Despite a short legislative session that’s expected to focus on pension reforms, Kentucky Education Commissioner Terry Holliday says lawmakers may consider some key education measures, too.
“I think you’re going to see a number of possible bills coming out following up from the Newtown incident.”
Holliday says lawmakers may also be interested in increasing funding for Kentucky’s Center for School Safety, which saw dramatic cuts to its budget in 2009.
He also expects the General Assembly to take up legislation that would allow the education department to move forward with reforming its teacher evaluation system. The new system would likely measure teacher performance based partly on student test scores, which has been controversial among some in education.
The Kentucky Higher Education Assistance Authority is recommending that high school seniors who plan to further their education at a college or technical school this fall fill out paperwork as soon as possible for financial aid.
The paperwork is known as the Free Application for Federal Student Aid, or FAFSA, and the information determines whether students qualify for aid in the form of federal and state grants and federal student loans.
Some colleges also award their own grants and scholarships based on information contained in the FAFSA.
The state agency recommends submitting the application online here, but the papers can be mailed if necessary.
Should Kentucky high schoolers have to wait until the age of 18 before they can legally drop out?
Gov. Steve Beshear thinks so, and he is vowing to again try to get such a law passed in the next General Assembly, which gets underway Jan. 8. Beshear and his wife, Jane Beshear, have long been proponents of gradually raising the state's dropout age from 16 to 18. In the past, the Beshears backed a measure that would incrementally raise the dropout age over a period of years to 17 and then to 18, giving students, parents, and school districts time to adjust to the new rules.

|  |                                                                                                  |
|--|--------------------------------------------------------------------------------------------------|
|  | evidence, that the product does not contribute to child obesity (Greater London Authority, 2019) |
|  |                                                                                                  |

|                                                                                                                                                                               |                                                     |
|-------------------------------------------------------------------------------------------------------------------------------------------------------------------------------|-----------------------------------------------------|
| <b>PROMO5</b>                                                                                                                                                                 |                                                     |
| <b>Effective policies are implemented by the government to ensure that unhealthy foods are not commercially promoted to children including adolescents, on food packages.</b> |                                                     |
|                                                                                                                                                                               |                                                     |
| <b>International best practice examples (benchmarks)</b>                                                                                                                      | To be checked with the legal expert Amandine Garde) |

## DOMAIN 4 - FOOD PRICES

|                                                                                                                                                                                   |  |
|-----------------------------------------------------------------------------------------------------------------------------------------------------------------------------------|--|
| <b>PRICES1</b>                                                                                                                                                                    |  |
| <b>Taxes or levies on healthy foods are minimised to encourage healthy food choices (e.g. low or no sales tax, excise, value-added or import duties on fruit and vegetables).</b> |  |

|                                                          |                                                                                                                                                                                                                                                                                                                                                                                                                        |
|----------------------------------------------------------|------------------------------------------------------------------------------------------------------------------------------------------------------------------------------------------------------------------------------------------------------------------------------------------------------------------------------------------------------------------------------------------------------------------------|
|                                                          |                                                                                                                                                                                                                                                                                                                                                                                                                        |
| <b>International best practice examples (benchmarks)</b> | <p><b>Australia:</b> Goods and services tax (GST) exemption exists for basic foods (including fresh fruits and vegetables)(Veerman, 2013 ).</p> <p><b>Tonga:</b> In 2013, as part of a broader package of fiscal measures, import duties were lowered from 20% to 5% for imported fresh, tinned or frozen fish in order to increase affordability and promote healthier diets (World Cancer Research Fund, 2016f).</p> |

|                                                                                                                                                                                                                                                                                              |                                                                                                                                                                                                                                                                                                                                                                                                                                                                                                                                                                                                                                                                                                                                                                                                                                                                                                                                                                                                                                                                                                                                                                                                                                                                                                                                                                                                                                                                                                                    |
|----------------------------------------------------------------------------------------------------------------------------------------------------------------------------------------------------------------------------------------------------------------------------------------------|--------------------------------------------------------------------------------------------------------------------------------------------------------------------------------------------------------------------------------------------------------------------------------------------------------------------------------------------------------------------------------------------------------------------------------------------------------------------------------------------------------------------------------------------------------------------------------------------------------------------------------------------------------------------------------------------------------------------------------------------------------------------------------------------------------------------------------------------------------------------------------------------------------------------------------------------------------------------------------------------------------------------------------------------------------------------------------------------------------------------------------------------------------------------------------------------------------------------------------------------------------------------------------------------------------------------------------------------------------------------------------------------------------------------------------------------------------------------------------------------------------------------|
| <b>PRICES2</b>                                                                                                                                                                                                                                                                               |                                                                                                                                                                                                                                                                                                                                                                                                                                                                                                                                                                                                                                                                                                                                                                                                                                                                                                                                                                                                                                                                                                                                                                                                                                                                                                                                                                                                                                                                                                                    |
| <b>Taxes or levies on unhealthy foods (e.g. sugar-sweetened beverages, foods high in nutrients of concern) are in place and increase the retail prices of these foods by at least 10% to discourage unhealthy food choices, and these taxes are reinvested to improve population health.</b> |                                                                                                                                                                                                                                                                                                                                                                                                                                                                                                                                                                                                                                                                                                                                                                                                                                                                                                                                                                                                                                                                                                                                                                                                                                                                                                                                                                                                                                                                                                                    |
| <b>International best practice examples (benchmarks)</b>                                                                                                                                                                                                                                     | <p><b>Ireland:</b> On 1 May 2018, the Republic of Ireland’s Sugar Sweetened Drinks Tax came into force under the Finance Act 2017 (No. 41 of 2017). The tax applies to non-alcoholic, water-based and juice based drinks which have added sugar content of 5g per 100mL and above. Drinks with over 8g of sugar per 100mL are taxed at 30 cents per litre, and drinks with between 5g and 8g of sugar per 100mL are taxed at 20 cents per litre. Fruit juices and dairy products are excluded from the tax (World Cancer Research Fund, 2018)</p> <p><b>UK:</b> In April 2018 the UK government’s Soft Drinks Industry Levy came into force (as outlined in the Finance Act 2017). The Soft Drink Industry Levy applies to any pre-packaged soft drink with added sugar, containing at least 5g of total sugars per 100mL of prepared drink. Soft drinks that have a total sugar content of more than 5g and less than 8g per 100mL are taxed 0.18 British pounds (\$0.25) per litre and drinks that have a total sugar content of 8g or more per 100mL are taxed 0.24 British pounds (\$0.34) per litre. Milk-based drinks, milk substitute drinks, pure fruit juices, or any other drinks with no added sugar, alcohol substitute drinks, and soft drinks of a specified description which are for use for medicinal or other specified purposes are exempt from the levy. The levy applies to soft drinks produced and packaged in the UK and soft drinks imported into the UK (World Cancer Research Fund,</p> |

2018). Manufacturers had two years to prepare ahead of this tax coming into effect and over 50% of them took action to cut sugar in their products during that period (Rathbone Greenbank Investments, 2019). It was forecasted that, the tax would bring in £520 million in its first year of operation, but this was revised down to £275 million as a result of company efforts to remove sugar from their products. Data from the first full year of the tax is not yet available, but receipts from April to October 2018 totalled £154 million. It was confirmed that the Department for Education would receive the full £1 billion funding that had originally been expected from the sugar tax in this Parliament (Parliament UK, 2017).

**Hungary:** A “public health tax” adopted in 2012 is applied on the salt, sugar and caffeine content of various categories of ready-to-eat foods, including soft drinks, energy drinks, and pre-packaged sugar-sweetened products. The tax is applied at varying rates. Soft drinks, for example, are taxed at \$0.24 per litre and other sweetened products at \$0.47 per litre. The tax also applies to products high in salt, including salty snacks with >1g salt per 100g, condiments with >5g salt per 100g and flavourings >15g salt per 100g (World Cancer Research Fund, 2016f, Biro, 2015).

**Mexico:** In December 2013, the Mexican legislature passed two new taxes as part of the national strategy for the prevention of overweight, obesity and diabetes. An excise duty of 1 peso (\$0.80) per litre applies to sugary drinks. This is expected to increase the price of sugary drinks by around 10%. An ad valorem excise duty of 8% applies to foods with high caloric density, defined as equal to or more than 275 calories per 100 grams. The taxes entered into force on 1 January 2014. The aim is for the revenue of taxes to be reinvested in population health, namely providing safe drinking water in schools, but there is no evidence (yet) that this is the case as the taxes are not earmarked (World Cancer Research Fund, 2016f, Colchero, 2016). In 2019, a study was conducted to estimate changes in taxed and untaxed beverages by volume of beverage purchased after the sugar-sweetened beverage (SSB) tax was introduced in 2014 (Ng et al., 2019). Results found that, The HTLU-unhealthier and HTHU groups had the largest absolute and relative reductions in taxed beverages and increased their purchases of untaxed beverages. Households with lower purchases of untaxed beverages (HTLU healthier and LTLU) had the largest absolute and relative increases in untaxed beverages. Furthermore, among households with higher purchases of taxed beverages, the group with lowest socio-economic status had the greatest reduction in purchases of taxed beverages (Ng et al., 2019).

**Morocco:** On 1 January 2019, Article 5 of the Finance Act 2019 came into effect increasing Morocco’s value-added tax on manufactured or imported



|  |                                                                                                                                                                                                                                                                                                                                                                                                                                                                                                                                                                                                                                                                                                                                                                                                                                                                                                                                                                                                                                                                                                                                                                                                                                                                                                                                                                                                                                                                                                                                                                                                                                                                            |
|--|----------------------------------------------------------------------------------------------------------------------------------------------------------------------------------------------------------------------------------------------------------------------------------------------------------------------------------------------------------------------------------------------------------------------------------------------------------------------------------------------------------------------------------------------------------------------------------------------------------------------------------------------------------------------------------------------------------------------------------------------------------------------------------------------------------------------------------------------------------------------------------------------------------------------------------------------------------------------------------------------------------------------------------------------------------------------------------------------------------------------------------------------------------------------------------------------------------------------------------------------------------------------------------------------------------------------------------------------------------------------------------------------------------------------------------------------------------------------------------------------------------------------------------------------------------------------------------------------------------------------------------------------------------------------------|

Proponents say such a change in state law would have far-reaching societal benefits since dropouts are more likely to go to prison or rely on welfare.
Opponents say while the idea may be well-intentioned, it would simply force disruptive and uncaring students to remain in classrooms against their will, having unintended negative consequences for other students, teachers, and administrators.
Cravens Elementary School teacher Ryan Williams was one of 40 people nationally to receive the 2012 Milken Award and the only recipient in Kentucky. The award comes with a $25,000 gift.
Williams is a native of Henderson and began teaching in Owensboro Public Schools in 1999 after graduating from WKU. He taught first grade for 11 years before moving to third grade. He's currently on temporary assignment as curriculum facilitator at Estes Elementary School.
"I try to ebgage the students every day, find something that interests them, something they can relate to," Williams said. "I come to work every day with a smile on my face."